the California Medical Board points out that these “types of decisions and activities” can be made by a physician who consults with the MSO, but not by the MSO.

Last, the California Medical Board states that the following types of ownership and operating structures are prohibited:

  • Non-physicians owning or operating a business that offers patient evaluation, diagnosis, care and/or treatment.
  • Physician(s) operating a medical practice as a limited liability company, a limited liability partnership, or a general corporation.
  • Management service organizations arranging for, advertising, or providing medical services rather than only providing administrative staff and services for a physician's medical practice (non-physician exercising controls over a physician's medical practice, even where physicians own and operate the business).
  • A physician acting as "medical director" when the physician does not own the practice. For example, a business offering spa treatments that include medical procedures such as Botox injections, laser hair removal, and medical microdermabrasion, that contracts with or hires a physician as its "medical director."

In all of the above examples above, the California Medical Board could find a corporate practice of medicine, violation, and “the physician may be aiding and abetting the unlicensed practice of medicine.”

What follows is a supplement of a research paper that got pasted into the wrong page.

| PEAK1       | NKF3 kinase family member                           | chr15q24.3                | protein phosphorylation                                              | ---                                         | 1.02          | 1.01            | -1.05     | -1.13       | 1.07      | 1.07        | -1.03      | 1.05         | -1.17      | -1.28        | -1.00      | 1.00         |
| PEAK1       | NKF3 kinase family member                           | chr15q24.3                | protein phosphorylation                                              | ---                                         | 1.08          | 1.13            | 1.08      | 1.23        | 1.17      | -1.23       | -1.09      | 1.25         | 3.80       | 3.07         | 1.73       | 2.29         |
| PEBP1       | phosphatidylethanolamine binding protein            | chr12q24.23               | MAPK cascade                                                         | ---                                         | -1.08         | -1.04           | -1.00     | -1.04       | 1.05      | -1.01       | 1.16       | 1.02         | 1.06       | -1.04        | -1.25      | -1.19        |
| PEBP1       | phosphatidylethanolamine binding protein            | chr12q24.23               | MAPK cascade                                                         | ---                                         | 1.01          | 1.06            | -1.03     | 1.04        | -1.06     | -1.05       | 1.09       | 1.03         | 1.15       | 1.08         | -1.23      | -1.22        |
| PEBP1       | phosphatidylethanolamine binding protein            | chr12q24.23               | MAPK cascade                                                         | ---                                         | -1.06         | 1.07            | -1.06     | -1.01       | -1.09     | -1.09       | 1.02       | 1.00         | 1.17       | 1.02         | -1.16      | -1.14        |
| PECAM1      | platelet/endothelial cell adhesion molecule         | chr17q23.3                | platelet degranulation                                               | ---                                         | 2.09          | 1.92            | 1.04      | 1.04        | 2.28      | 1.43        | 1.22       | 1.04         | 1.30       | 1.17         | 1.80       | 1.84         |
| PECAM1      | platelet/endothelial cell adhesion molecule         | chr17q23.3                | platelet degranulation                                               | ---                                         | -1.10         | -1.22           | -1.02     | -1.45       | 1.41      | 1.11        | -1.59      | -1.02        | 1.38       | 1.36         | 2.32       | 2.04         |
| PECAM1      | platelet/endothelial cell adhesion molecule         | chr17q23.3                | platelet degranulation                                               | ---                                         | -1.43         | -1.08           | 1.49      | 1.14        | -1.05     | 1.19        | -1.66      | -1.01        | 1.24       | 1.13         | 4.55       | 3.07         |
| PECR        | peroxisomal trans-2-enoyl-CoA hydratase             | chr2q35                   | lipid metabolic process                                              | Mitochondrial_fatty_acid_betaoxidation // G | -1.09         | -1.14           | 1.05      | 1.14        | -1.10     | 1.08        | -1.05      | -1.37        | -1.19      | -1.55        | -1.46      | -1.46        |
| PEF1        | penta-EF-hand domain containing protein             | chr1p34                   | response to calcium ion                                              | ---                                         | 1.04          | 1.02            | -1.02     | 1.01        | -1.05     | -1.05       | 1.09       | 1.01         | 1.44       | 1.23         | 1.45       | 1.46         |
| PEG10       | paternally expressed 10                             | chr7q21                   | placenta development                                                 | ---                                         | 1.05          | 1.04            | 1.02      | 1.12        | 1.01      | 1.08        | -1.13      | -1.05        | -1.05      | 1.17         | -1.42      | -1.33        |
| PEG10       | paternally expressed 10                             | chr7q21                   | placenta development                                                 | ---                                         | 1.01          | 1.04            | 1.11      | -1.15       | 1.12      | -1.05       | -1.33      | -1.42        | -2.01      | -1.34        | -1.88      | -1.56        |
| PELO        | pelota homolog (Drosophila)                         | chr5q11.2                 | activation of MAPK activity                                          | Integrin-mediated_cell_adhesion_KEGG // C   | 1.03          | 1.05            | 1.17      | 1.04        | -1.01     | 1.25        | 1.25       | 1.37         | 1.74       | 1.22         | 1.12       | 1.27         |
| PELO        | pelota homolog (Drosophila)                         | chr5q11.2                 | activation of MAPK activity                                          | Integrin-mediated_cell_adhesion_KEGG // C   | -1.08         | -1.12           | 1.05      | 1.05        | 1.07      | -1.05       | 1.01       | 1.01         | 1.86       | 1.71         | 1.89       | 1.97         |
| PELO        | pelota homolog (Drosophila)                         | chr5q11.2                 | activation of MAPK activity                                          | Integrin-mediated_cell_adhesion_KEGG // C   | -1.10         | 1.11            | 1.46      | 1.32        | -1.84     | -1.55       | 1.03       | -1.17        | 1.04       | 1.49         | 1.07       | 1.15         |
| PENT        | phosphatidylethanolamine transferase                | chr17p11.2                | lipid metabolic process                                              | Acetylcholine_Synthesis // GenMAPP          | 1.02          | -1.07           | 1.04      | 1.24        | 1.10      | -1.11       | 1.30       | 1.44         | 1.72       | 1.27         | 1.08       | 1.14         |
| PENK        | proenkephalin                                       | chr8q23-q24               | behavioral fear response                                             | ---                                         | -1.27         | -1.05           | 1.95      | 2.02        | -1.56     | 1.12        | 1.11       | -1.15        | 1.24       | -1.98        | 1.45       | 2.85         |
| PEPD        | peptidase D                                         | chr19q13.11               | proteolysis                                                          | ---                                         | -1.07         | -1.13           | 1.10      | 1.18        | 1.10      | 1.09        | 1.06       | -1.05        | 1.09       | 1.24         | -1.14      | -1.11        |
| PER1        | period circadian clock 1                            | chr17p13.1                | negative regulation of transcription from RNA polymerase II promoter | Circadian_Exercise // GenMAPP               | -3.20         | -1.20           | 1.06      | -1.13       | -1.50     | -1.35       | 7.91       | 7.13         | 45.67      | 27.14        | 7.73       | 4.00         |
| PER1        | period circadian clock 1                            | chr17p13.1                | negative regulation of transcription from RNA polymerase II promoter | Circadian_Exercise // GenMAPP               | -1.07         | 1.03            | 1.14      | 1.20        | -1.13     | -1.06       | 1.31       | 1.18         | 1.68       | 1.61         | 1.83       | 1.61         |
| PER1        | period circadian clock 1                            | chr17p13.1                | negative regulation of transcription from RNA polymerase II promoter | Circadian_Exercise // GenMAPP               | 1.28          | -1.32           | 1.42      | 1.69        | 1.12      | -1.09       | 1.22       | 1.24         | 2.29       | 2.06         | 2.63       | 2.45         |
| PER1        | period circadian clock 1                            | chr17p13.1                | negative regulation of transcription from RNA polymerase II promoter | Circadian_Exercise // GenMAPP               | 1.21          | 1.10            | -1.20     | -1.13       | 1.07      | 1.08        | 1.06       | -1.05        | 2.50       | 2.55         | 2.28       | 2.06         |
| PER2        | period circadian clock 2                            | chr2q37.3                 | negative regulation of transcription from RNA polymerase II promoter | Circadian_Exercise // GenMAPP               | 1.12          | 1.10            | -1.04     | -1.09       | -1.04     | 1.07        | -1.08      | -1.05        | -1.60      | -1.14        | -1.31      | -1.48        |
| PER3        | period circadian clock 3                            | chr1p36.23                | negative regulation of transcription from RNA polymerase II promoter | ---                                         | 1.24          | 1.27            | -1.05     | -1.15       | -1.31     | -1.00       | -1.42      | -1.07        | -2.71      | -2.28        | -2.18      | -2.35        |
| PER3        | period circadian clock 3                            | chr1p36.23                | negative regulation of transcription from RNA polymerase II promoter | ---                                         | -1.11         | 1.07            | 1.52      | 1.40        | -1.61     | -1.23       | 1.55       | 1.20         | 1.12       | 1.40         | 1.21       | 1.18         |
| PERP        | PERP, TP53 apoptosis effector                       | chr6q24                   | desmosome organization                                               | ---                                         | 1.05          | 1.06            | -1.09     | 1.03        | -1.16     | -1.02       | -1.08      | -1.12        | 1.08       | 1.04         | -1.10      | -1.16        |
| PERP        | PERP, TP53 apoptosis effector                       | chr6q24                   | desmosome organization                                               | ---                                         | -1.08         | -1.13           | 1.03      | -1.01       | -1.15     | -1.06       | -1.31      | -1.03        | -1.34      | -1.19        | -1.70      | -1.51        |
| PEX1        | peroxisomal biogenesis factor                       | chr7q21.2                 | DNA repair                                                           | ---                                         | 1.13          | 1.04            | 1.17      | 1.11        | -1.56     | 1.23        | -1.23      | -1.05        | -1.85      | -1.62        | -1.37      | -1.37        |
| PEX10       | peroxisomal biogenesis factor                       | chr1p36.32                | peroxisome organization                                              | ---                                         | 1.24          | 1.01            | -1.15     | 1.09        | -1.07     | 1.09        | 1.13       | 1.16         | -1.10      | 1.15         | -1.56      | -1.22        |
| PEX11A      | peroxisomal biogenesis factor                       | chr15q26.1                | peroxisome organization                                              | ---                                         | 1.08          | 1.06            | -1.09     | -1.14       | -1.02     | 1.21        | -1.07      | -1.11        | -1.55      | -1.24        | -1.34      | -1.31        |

Enforcement Risks

Some of the areas that the California Medical Board has flagged above that are of particular concern here, include these. And below each is a strategic response.

  • Determining how many patients a physician must see in a given period of time or how many hours a physician must work.
  • Although the strategies laid out above are not proposing to set patient volume or physician hours, they are intended to have physician work exclusively via the MSO’s platform. There’s a business judgment here to be made, in consultation with legal counsel, about the enforcement risk.
  • Non-physicians owning or operating a business that offers patient evaluation, diagnosis, care and/or treatment.
  • Although we haven’t proposed that the MSO make diagnostic or treatment decisions, its proposed level of control here could potentially be seen as intruding into the clinical domain. The key word is potentially.
  • Management service organizations arranging for, advertising, or providing medical services rather than only providing administrative staff and services for a physician's medical practice (non-physician exercising controls over a physician's medical practice, even where physicians own and operate the business).

This is a very far-reaching provision, since MSOs do market on behalf of physicians. the California Medical Board appears sensitive as to who controls the marketing and how the physician practice is portrayed. Because of wide enforcement discretion, and the California Medical Board sensitivity to MSO relationships with professional corporations, this is an area requiring more nuanced legal counsel.

Putting it all Together

The legal and regulatory landscape is constantly changing. We’ve counseled MSOs, with many variations. Enforcement risk takes a nuanced read.

Every once in a while there is a “perfect storm” for regulatory enforcement. (See our post, Corporate practice challenges medical management (MSO) organizations in New York AG action). At other times, it’s just a “rabbit hole,” where some clear thinking and strategic guidance can refine a business model (see our post, Corporate Practice of Medicine & Anti-Kickback / Fee-Splitting Rules: Deep Down the Regulatory Rabbit Hole).

We understand the world of MSOs and professional medical corporations, and they can be perfect dance partners even if legally, the right step is a good management agreement instead of a marriage contract.